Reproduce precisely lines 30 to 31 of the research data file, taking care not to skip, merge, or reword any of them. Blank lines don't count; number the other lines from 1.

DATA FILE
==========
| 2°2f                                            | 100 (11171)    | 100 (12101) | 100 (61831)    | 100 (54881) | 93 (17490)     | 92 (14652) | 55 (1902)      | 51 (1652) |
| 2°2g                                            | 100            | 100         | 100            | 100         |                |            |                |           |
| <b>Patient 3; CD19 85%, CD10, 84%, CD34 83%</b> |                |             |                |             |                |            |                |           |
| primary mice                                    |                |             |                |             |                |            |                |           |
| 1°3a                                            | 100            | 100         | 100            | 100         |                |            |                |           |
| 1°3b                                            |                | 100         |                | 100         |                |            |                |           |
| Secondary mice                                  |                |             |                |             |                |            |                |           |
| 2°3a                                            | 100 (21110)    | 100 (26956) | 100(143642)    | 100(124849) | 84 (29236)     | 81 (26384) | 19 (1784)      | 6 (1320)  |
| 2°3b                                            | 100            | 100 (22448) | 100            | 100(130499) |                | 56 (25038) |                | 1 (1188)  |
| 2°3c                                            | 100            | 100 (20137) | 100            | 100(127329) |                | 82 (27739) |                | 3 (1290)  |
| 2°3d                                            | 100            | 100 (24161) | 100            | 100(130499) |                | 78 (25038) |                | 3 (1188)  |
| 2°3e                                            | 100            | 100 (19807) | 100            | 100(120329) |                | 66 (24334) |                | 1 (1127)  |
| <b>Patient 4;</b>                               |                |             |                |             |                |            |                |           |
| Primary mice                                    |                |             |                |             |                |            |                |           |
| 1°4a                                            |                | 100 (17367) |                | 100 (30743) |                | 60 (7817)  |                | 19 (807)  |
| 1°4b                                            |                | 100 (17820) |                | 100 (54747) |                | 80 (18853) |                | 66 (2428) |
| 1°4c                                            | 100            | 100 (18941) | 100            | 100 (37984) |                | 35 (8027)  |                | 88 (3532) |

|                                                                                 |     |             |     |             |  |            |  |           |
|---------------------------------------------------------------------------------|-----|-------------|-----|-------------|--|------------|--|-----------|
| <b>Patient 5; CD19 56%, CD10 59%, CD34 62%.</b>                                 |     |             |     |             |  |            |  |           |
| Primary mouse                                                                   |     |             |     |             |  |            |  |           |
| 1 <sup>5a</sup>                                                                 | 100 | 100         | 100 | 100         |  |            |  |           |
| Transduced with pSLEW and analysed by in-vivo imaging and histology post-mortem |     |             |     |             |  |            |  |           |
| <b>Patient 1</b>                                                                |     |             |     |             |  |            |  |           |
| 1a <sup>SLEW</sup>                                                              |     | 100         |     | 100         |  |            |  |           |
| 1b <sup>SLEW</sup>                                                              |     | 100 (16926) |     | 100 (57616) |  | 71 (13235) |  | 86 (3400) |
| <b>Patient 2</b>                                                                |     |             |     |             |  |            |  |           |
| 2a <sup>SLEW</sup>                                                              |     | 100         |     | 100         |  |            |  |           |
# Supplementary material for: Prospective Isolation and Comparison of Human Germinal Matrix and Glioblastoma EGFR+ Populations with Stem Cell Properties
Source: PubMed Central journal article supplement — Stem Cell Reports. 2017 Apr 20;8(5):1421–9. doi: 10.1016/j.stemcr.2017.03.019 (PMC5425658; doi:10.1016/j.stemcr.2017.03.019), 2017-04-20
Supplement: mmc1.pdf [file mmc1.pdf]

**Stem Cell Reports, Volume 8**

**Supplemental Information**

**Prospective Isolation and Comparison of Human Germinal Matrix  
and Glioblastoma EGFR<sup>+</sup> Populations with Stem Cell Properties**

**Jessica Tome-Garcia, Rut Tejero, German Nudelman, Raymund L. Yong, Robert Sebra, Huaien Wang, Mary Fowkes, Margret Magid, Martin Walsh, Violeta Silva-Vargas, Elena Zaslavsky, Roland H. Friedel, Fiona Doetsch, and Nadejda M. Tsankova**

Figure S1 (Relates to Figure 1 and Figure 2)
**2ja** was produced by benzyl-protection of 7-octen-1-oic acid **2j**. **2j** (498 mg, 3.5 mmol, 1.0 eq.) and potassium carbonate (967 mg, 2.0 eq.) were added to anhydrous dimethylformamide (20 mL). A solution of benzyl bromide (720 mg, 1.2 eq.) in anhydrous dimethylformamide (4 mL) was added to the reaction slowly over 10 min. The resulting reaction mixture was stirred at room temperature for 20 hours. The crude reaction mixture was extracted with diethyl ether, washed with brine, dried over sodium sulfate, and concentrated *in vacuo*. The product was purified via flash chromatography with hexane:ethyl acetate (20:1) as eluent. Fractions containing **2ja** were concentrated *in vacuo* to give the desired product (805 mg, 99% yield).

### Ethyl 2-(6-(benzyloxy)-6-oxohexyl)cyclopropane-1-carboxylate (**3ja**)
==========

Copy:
Source: PubMed Central journal article supplement — Stem Cell Reports. 2017 Apr 20;8(5):1421–9. doi: 10.1016/j.stemcr.2017.03.019 (PMC5425658; doi:10.1016/j.stemcr.2017.03.019), 2017-04-20
Supplement: mmc1.pdf [file mmc1.pdf]